Drugs and Business: Central America Faces Another Round of Violence

by Annie Bird

This report appeared at NACLA.

On August 23 about 300 campesinos from the Nueva Esperanza community, near the Laguna del Tigre Natural Park in northern Guatemala, were evicted from the lands to which they held title and forced across the border into Mexico. Interior Minister Carlos Menocal justified the action, claiming the families assisted drug traffickers, though he presented no evidence.1

While drug trafficking corridors have proliferated through Central America’s natural reserves over the last decade, Nueva Esperanza’s real crime appears to have been that it was located in the way of the Cuatro Balam mega-tourism project. Cuatro Balam is a planned 14,000-square-mile tourism complex amid the Mayan Biosphere cluster of natural reserves and an array of Mayan archaeological sites, all to be united by a proposed electric train and linked to Chiapas, Mexico, via a new highway.

Three years before the eviction, Guatemalan president Álvaro Colom (2008–12) announced plans to clear the area of “invaders and drug traffickers” to make room for Cuatro Balam. The Inter-American Development Bank (IDB) began funding the project in 2009. On June 30, 2010, Colom inaugurated Cuatro Balam, announcing that six military posts would be installed in Laguna del Tigre.

Continue reading “Drugs and Business: Central America Faces Another Round of Violence”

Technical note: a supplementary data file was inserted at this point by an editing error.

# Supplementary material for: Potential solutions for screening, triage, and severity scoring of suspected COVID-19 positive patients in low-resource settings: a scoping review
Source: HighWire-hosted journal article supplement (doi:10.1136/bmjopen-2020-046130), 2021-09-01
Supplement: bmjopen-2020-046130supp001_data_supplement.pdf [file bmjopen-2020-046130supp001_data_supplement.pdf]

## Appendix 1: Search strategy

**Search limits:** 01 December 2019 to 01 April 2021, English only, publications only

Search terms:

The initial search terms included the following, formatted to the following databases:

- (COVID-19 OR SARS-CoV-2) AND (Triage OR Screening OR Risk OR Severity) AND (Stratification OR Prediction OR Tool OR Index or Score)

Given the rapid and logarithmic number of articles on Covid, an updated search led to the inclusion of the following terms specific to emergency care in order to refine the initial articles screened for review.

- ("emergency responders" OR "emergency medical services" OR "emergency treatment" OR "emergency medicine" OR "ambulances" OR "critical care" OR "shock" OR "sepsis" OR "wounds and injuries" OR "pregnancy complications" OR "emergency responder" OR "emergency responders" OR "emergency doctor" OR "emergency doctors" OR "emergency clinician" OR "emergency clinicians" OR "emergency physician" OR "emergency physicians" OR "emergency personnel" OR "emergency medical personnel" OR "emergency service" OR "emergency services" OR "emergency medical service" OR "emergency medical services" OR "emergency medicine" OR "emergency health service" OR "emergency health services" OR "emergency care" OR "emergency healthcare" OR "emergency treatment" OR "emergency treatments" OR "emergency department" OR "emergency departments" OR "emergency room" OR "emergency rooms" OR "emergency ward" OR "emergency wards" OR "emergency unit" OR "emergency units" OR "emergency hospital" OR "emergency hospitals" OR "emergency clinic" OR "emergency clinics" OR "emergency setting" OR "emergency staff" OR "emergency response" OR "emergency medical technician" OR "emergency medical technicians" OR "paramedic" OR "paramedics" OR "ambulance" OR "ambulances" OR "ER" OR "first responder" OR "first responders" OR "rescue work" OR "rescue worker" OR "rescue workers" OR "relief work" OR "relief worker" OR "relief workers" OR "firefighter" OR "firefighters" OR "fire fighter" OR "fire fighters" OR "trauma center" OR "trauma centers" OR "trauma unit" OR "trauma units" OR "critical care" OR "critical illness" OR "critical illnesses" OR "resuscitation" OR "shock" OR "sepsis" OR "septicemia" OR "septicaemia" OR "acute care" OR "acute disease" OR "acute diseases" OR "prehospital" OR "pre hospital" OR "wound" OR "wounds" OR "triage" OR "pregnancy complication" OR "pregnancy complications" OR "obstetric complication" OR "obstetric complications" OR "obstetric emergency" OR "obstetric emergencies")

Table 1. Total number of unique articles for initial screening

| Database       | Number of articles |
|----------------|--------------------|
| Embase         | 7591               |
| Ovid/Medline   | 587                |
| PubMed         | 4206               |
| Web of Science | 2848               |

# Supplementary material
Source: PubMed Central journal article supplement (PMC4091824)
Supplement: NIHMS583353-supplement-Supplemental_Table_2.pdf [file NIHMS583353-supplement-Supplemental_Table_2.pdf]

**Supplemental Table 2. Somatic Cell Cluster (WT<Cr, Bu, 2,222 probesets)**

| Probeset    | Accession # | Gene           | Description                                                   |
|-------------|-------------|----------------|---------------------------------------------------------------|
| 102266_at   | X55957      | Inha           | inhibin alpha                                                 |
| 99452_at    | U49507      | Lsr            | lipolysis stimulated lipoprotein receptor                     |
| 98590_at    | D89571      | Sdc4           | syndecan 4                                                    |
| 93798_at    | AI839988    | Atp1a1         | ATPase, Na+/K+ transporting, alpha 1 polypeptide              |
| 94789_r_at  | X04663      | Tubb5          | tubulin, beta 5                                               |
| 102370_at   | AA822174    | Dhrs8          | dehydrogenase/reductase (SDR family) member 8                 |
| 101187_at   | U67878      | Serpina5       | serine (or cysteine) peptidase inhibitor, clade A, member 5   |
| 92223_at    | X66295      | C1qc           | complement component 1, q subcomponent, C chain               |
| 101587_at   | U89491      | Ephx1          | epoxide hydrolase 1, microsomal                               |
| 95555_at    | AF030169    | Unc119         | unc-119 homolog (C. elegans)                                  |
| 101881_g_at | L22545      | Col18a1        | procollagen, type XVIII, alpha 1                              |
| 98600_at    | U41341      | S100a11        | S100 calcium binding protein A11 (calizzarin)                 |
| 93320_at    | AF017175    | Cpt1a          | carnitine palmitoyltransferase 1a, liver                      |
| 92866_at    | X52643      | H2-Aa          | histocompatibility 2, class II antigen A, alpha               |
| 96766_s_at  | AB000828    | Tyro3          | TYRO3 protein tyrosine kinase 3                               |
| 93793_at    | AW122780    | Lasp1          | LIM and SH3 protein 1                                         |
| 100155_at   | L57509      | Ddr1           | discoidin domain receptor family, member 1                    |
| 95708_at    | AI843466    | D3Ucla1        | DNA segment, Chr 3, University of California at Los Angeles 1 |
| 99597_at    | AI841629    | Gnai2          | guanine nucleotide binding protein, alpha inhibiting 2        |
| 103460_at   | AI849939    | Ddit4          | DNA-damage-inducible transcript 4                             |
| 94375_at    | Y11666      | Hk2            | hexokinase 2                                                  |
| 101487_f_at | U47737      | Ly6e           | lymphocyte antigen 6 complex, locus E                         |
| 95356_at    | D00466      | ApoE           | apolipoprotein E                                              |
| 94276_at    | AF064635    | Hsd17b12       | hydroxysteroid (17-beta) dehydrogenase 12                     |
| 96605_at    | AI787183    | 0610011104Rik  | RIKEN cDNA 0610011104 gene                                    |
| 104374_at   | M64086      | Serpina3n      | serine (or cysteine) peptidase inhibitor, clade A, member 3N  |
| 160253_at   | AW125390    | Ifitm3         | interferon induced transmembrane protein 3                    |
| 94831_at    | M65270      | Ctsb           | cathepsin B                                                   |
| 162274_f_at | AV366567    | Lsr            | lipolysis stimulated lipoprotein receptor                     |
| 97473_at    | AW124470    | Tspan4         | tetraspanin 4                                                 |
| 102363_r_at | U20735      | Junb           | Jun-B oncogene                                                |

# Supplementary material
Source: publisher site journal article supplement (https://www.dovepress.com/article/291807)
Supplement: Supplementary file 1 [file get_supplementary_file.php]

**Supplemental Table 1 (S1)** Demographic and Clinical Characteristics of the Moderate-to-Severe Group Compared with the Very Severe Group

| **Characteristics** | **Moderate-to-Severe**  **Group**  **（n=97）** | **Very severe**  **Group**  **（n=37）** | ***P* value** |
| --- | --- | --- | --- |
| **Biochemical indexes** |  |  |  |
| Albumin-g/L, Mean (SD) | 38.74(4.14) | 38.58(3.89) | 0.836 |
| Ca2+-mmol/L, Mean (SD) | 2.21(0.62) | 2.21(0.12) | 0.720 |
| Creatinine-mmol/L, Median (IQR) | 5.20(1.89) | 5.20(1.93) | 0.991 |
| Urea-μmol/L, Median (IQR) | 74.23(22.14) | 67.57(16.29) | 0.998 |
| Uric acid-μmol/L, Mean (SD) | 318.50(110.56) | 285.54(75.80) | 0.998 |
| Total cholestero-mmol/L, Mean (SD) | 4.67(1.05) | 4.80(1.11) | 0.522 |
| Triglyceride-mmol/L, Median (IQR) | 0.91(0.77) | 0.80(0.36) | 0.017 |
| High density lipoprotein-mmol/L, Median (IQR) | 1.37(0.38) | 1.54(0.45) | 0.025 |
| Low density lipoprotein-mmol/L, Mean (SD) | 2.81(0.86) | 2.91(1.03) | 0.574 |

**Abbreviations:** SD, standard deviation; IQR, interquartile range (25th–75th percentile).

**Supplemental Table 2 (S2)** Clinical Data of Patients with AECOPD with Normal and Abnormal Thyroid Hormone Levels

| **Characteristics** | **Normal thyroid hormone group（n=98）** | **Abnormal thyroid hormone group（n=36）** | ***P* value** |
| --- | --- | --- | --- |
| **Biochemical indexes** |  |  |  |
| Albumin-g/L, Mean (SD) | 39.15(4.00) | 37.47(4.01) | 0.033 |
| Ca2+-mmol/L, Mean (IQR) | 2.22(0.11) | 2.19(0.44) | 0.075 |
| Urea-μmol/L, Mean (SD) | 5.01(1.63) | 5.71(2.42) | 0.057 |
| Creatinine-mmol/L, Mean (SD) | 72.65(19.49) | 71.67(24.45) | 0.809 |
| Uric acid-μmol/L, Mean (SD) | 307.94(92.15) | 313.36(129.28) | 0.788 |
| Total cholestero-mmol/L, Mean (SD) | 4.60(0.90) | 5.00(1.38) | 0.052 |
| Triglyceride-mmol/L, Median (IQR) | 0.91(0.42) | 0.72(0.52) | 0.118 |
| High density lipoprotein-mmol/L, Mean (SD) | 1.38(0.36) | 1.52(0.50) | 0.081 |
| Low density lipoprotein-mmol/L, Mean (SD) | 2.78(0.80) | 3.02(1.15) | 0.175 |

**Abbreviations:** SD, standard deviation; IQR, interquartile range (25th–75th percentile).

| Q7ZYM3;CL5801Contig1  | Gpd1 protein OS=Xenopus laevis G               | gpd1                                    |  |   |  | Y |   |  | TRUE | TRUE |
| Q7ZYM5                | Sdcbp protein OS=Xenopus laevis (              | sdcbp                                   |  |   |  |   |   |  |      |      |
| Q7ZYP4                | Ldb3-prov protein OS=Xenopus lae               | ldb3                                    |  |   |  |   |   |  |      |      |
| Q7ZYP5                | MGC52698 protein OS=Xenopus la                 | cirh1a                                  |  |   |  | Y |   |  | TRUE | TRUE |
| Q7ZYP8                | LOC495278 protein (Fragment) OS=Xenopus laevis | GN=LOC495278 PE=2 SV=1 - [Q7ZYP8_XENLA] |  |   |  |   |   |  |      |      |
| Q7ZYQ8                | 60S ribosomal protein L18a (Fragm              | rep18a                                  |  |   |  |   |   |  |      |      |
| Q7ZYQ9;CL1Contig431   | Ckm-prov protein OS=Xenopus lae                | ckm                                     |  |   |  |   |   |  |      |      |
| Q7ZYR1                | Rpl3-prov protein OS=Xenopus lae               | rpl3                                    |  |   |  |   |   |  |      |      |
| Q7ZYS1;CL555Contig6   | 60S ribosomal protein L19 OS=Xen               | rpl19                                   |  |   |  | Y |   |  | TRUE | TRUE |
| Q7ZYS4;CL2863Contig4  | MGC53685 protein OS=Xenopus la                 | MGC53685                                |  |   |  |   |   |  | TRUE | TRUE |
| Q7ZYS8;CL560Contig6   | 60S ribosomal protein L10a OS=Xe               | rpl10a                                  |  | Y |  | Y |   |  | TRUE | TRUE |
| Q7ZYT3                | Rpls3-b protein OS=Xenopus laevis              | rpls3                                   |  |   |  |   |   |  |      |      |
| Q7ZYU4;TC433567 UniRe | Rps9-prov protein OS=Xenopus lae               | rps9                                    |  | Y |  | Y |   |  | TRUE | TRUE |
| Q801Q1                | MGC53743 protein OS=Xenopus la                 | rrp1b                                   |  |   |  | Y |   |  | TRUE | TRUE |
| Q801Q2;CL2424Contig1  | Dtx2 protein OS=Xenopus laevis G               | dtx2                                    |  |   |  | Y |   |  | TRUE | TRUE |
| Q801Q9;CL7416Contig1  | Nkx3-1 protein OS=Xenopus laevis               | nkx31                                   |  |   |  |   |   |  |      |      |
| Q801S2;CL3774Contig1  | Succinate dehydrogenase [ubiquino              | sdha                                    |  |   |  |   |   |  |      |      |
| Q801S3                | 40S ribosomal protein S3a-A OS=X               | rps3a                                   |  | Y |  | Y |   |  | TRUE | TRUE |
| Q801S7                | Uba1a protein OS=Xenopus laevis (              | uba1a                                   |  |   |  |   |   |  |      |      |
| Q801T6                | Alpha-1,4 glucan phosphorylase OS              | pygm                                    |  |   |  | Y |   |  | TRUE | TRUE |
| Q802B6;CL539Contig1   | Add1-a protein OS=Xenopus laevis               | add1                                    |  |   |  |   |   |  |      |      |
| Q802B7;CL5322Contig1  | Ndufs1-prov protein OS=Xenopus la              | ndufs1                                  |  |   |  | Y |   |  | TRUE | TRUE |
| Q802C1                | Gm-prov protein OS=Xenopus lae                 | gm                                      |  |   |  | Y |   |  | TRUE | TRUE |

The Coup Is Not Over: Marking a Year of Resistance in Honduras

by Joseph Shansky

At one point during the military coup in Honduras last year, a US representative to the Organization of American States (OAS) joked that Hondurans were living in a state of “magical realism”, a folkloric literary genre blurring reality and the surreal, often in the historical or political context of Latin America.

He wasn’t far off, despite the bizarre comparison: A democratically-elected president is overthrown by an elite conspiring against him, forced out of the country, the military takes over, the people revolt in massive opposition, while governments across the world refuse to recognize the new regime and withdraw their ambassadors. Only the United States, the most powerful of all countries, remains on the fence, then hops off onto the side of the golpistas (coup-makers) while presenting a straight face of diplomacy.

Continue reading “The Coup Is Not Over: Marking a Year of Resistance in Honduras”